– CGCampbell
    Commented Dec 10, 2021 at 14:47
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    @EkadhSingh: 35 years of age is an entirely reasonable (if arbitrary) qualification for the leader of an entire country. Natural-born citizen is probably not fair by modern standards, but it still allows a fairly large swath of people with widely varying political affiliations to run, so I don't think it can be argued to seriously impair the US's democratic legitimacy. China, OTOH, basically says you can't run unless the CCP likes you, which is far less democratic.
    – Kevin
    Commented Dec 10, 2021 at 23:24
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This answer is inspired by Liza Tobin's essay "Xi’s Vision for Transforming Global Governance: A Strategic Challenge for Washington and Its Allies"Fn.1; I draw on no new knowledge or insight into China here.

With that said, we (Westerners) conventionally interpret of "democracy" as

The policies of a countries government are determined by the opinions of — and go to benefit — the majority of that country's residents.

As I argue below, this stands in contraposition to authoritarianism and colonialism. Western democracies believe they are democratic because they are not (typically) authoritarian; China believes it is democratic because it is not colonized.

Any government, even an extremely undemocratic one, has a "selectorate": a minimal set of stakeholders who must remain pleased for the government to stay in power. Democracy is thus a twofold condition: a democratic government must have some social technology to integrate the opinions of its selectorate, and it must ensure that the views of the selectorate remain representative of the populace as a whole.

Conventional Western democracies have a very strong and powerful tool for integrating the views of a large selectorate to produce coherent government policy: competitive elections. Using this tool, they are able to expand their selectorate to almost their entire population, so that a majority of the selectorate is guaranteed to represent the opinions of the populace.

Or so you'd think! The theory of the Overton window suggests that the true selectorate in Western democracies is not in fact the voters, but rather the "chattering classes" that help produce arguments to convince voters; the strong influence of money in politics then tends to artificially restrict the Overton Window, so that the selectorate is no longer representative of the populace.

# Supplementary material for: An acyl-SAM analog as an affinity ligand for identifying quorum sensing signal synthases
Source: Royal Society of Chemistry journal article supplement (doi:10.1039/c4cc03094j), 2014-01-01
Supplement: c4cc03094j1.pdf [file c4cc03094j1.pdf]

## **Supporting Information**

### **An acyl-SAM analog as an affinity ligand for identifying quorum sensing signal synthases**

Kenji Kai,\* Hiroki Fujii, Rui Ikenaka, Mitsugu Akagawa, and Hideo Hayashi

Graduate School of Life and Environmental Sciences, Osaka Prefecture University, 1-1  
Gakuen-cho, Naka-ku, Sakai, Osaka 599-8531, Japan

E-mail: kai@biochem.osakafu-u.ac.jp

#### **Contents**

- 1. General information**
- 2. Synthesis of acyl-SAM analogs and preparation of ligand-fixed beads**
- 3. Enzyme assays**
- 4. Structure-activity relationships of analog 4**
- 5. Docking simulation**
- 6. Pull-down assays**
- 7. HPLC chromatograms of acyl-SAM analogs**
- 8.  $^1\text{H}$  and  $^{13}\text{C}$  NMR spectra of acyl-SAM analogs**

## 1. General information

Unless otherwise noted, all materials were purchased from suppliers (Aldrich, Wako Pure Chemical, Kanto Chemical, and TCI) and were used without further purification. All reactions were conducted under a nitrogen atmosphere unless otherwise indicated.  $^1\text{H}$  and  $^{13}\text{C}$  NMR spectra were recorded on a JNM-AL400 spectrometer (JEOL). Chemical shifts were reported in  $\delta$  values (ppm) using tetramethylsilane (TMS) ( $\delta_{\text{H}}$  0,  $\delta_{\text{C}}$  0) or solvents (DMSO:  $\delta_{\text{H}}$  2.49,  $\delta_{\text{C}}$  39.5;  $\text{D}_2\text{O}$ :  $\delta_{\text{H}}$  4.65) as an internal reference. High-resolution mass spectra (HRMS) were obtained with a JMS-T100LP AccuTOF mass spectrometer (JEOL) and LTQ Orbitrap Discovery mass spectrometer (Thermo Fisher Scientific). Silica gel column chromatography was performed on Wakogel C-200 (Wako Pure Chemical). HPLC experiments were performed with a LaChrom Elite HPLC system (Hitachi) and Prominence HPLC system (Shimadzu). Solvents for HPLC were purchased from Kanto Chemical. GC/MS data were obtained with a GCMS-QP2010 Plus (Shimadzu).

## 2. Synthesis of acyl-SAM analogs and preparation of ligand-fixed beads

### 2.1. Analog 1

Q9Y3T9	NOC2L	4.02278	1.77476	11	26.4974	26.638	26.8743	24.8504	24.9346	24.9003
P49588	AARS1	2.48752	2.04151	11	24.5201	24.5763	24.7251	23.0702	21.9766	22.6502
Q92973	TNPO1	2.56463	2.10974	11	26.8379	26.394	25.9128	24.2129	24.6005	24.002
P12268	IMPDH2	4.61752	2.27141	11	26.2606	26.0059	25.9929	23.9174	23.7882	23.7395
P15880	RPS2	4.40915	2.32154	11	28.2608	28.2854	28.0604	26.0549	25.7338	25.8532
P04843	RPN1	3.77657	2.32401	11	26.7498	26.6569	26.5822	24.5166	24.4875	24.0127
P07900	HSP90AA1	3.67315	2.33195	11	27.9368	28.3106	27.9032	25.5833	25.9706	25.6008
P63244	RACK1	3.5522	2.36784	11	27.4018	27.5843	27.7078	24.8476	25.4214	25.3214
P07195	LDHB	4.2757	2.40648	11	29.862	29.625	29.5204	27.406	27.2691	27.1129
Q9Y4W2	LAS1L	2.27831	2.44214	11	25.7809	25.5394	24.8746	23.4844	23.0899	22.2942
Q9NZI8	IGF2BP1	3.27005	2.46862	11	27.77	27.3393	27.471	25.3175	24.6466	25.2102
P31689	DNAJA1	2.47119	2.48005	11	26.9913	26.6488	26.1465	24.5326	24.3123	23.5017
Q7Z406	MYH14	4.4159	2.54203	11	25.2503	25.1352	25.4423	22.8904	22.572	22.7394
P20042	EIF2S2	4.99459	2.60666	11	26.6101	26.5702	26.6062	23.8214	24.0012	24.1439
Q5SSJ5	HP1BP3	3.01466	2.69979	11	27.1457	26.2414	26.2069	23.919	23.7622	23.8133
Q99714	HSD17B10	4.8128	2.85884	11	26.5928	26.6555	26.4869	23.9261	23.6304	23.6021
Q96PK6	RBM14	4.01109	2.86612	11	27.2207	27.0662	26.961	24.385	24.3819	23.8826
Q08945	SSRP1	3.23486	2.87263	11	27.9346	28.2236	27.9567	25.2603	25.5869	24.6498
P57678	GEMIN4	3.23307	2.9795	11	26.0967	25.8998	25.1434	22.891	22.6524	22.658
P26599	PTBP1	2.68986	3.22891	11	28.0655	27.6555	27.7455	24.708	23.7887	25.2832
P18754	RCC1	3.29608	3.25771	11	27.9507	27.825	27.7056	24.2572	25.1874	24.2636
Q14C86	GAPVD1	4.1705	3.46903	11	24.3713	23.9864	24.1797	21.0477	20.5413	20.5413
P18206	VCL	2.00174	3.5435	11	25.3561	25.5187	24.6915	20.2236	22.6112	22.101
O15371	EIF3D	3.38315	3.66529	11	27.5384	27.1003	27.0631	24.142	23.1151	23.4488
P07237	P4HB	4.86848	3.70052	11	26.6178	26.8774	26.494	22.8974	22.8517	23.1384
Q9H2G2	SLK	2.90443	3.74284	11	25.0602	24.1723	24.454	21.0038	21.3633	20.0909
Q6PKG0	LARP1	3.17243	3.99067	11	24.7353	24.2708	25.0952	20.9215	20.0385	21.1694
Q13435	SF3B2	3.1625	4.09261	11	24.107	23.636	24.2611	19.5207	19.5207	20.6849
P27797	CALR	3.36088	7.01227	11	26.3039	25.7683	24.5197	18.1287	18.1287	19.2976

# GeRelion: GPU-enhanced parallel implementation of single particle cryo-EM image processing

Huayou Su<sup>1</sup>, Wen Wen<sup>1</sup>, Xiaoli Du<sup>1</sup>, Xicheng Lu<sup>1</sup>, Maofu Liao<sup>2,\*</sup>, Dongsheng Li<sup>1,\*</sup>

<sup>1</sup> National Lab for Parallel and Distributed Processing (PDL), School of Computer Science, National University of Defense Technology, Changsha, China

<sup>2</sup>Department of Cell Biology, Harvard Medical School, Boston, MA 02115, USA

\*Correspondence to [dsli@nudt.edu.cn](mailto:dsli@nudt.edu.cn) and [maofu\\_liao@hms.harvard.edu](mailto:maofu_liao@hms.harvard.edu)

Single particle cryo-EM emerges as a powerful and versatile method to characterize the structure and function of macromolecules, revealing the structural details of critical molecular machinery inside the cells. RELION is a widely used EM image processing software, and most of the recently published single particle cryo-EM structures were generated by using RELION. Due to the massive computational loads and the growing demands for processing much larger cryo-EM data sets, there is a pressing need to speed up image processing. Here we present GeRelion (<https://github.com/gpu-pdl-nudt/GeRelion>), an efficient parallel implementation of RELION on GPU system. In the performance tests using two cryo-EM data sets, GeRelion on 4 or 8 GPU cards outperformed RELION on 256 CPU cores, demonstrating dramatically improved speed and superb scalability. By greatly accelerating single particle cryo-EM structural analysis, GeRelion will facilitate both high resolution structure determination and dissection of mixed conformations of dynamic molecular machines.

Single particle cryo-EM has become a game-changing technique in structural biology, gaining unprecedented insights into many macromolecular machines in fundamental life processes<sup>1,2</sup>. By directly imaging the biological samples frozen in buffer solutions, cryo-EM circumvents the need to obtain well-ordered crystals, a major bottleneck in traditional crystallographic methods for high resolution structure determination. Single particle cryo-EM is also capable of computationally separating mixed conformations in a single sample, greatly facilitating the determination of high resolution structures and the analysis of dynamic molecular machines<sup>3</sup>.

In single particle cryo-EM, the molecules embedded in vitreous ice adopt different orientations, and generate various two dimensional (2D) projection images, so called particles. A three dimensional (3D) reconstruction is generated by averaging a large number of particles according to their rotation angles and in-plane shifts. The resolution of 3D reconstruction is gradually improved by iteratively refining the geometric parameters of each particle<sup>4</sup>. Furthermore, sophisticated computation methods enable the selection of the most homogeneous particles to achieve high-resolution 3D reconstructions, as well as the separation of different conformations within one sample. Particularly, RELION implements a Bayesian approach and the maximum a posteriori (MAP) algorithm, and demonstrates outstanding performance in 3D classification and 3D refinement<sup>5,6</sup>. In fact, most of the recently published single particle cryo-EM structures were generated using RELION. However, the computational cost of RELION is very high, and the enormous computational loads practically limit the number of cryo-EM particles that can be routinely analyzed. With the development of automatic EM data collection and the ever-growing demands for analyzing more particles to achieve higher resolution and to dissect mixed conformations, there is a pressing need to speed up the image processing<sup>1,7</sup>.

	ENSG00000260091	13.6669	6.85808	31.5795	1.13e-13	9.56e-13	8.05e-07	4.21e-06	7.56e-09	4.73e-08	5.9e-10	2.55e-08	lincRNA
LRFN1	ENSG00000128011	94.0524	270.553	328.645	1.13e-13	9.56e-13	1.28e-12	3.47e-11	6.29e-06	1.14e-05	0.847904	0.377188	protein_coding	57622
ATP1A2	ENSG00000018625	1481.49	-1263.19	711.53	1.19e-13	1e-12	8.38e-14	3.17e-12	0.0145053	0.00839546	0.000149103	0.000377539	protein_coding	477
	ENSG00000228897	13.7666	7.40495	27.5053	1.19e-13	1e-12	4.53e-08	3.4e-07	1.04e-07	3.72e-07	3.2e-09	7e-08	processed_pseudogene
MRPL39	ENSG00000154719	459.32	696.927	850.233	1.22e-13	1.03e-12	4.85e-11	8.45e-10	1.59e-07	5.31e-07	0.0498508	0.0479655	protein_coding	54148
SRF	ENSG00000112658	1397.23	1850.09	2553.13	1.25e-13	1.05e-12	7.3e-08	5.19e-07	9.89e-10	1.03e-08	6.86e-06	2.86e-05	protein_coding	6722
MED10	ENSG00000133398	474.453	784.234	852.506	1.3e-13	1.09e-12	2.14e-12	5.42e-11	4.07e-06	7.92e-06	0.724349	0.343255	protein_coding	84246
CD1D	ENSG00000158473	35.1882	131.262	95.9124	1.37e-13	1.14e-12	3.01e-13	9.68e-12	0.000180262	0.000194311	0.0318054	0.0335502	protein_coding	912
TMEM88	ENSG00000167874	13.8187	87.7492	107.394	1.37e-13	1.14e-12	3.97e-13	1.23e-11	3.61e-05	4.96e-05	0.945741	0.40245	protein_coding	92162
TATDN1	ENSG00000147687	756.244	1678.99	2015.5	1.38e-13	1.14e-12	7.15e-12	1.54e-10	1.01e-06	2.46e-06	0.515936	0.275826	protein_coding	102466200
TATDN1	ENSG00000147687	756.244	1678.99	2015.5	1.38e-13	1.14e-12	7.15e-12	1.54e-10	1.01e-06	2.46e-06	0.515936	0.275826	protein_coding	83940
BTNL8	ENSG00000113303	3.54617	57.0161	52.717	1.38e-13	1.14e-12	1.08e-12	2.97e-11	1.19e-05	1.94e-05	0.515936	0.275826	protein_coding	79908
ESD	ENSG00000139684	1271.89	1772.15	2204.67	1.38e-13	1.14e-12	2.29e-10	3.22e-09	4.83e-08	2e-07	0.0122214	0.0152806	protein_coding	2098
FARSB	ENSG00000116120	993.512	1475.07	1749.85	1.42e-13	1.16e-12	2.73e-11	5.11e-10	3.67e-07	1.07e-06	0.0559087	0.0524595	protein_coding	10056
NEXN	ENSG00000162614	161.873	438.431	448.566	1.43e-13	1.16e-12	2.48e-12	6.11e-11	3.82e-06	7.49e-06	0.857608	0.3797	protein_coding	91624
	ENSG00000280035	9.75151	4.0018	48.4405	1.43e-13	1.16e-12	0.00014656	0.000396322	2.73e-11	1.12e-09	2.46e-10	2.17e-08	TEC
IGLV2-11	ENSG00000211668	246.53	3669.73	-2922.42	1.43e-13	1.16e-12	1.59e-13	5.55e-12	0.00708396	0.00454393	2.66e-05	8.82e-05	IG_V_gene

Perhaps for this reason, the bogeyman for Western democracies is the tyrannical European monarchies of the 16th through 19th centuries, in which the small selectorate lead to strong restrictions on freedom of the press and freedom of conscience.

Conversely, without free elections, China has a very weak tool to integrate a small selectorate. The other answers discuss the Chinese electoral system thoroughly; in order to maintain power at the apex, all (all!) Xi Jinping (say) need do is placate his immediate subordinates.

Instead, the Chinese focus their efforts to maintain democracy on ensuring that this small selectorate is representative of the populace as a whole, a process they call "consultation." Roughly 7% of Chinese citizens is a member of the CCP and their professional advancement (even in non-political fields!) is strongly dependent on maintaining good status in the party. At the local level, party leaders value consensus amongst party members highly. So once the party leaders settle on a policy, citizens tend to coordinate their views to match (cf. Arendt on Gleichschaltung). At the same time, the party's tentacular reach into civil society and the business community allows it (in theory) unprecedented insight into emerging discontent, which it can then "head off at the pass".

The bogeyman for modern Chinese national thought is 19th century imperial subordination, in which the small selectorate (of foreign capitalist investors) was hardly representative the Chinese peasantry. Indeed, those investors' non-Chinese ethnicity almost guaranteed it! Unsurprisingly, Chinese democracy attempts to guard against this failure mode.